The first time I read about a tourist lottery was in November of 2010 and in response to overburdened capitals of Europe seeking solutions to the footfall 20-30 million annual visitors brings the likes of Barcelona, London or Paris.
Chilling out on the Nile with our felucca captain
As you might expect, the lottery means random selection of winners, those who applied for a ticket or reserved a space on a tour well in advance might be lucky if there weren't so many others applying to visit on the same day. It might mean applying to visit the Eiffel Tower, for example, and planning your trip to Paris and later finding that you did not win that lottery - meaning you'd be welcome to visit Paris but not able to ascend France's most iconic landmark.
This shook me then and it shakes me now, a call to enjoy some of those bucket list itineraries before they're closed to the public or that you couldn't reasonably count on getting to enjoy those most anticipated attractions.
So, I wasted no time and booked a two-week tour of Egypt followed by a little down time in Sharm for my next work break the following April.
I knew certain tombs and regions of the Valley of Kings or Valley of Queens were already closed to the public and had been so for a number of years. I figured this could spread to the pyramids themselves and perhaps when I later got around to visiting Egypt, I'd no longer be able to see the Great Pyramids of Giza up close in person! If I didn't go now, when?
Columns of the Karnak Temple Complex near Luxor, it just felt more relaxed here
Now, for you history buffs out there - I booked in November of 2010 for travel April through May of 2011. What later became known as Arab Spring!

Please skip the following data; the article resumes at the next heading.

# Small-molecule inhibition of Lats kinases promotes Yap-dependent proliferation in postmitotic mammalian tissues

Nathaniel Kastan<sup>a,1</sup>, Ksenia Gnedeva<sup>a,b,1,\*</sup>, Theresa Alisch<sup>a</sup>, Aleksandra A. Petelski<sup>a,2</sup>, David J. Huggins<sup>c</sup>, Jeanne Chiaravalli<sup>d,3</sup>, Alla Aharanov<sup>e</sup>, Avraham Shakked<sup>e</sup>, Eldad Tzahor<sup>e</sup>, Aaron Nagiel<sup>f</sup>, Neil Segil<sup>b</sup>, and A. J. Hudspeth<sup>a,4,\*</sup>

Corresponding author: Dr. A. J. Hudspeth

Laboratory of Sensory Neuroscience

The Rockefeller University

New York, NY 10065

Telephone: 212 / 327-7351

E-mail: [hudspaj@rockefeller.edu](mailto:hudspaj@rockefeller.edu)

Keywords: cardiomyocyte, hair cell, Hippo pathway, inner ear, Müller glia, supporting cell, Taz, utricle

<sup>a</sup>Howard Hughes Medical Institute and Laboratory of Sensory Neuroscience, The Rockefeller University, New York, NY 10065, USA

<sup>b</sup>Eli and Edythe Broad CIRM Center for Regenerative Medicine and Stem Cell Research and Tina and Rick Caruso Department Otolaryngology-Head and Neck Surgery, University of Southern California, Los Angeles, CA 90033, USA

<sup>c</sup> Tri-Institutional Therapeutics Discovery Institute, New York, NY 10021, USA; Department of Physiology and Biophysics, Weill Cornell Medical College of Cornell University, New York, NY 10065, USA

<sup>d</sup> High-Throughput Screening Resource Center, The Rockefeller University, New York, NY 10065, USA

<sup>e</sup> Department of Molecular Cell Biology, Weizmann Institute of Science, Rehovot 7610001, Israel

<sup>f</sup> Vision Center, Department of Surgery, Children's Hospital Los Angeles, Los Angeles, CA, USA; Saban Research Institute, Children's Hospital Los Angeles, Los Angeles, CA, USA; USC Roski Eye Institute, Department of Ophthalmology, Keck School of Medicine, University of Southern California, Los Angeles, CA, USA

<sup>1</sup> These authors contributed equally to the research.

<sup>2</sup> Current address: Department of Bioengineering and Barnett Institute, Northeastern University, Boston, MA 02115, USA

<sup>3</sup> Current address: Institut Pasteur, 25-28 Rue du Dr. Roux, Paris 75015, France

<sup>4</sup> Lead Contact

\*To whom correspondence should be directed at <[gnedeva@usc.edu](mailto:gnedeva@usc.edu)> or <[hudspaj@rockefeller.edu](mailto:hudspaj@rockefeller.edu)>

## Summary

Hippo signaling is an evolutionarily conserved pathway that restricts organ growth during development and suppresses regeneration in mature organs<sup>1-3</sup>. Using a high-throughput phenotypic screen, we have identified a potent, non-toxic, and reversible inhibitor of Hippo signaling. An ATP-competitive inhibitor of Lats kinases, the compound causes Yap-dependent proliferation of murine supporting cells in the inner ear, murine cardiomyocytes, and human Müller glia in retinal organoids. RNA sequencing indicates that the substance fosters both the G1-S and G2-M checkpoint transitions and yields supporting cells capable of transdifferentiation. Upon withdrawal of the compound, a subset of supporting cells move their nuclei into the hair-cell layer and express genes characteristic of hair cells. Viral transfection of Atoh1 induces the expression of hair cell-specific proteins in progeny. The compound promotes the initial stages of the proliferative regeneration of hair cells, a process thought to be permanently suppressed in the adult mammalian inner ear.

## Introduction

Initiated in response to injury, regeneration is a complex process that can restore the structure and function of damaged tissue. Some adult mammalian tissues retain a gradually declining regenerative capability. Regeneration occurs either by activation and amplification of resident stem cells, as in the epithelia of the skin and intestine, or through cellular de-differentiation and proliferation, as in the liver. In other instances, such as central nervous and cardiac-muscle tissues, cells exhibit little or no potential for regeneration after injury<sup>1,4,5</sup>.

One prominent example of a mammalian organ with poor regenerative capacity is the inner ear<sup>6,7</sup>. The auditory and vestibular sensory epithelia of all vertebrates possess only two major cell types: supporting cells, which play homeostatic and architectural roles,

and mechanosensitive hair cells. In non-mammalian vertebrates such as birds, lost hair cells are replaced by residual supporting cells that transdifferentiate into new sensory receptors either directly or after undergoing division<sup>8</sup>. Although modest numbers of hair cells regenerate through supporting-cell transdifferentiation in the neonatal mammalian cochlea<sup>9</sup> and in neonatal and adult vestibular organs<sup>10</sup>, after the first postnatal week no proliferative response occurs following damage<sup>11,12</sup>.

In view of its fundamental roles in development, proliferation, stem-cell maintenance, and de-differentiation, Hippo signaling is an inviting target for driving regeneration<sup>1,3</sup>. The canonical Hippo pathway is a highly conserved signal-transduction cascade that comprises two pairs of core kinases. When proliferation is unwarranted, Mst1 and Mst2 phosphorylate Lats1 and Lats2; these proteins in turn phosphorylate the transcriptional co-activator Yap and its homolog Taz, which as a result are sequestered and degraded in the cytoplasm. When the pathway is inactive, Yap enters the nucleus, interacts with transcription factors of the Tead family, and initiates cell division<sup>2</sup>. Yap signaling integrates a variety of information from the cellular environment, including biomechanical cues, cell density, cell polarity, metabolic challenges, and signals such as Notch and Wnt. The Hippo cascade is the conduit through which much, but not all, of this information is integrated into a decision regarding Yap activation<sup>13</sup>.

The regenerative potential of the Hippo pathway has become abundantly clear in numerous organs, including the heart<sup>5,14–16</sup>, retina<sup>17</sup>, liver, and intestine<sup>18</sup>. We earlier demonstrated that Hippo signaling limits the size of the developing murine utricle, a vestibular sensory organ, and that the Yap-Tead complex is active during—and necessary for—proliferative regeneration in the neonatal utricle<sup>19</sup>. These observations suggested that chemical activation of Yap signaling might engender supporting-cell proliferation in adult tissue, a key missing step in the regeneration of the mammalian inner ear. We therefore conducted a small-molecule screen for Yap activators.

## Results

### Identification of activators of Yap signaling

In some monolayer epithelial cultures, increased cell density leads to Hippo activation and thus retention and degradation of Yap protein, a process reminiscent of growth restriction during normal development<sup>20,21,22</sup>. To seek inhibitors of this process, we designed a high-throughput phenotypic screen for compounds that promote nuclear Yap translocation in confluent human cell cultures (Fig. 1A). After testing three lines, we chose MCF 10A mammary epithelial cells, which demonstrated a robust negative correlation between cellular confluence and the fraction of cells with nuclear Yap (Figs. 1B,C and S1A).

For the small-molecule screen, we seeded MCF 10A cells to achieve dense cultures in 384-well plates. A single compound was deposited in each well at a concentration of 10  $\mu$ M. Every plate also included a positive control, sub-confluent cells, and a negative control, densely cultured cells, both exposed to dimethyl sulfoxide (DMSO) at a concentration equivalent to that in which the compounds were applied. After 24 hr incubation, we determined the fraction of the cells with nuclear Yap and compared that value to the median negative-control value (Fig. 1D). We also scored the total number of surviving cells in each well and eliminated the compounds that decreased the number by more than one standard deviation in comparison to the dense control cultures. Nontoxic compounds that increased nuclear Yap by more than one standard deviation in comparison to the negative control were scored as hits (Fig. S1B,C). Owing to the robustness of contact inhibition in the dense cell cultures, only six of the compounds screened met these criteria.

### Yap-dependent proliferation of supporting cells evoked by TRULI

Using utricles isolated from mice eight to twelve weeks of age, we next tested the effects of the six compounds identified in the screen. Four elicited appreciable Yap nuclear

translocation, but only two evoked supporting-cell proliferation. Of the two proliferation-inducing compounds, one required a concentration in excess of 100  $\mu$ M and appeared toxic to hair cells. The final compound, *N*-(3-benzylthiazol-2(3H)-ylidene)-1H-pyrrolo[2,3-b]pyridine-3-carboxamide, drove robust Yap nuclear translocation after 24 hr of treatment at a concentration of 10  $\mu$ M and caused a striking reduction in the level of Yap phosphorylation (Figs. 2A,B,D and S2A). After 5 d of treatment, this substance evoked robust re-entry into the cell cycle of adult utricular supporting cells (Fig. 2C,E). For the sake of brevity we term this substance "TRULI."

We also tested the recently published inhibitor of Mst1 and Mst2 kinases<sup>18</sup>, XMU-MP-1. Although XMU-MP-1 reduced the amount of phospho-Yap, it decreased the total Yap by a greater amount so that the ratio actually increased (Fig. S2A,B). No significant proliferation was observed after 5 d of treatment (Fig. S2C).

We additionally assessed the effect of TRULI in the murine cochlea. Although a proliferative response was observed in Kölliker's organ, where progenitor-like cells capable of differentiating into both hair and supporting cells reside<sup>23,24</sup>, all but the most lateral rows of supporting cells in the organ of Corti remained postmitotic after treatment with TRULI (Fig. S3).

I got my travel insurance when I booked by trip, so there wasn't really a problem with the itinerary and the policy provider said it was stable enough to still be covered during my trip. So, I set about to enjoy myself and to experience new, once in a lifetime experiences.
Wow did I ever get it. I can't say it was always the easiest time getting around during such political strife, but certainly memorable.
I met few fellow tourists and was overwhelmed by desperate touts in a lot of places as there weren't any visitors to buy their souvenirs or services. With my three tour companions, we were the only souls to visit the Valley of the Queens on the day we visited. Unreal.
Luxor just felt like a relaxed place where people just lived and carried about their business
This political pressure also resulted in fewer opportunities to really engage with local people, but at a welcome trade that I was able to more meaningfully do so when the opportunity did arise.
A shopkeeper in Cairo took us to a speak-easy with karaoke, our felucca captain moored his boat for the day after our ride to join us for dinner, and we had a footrace with the promoters along Sharm el-Sheikh's pub district.
I enjoyed diving the Red Sea and seeing the pyramids was quite cool. But the ease with which we navigated so many historical sites around Luxor and the casual atmosphere in the restaurants and on the street despite the chaos further north made it a fast favorite for me in Egypt.
It was walls of buildings, people, and traffic in Cairo. Resorts for miles on the coast. Whereas Luxor was peppered with historic sites and blue sky everywhere I turned. The people on the street were just carrying on with their day, nice and relaxed.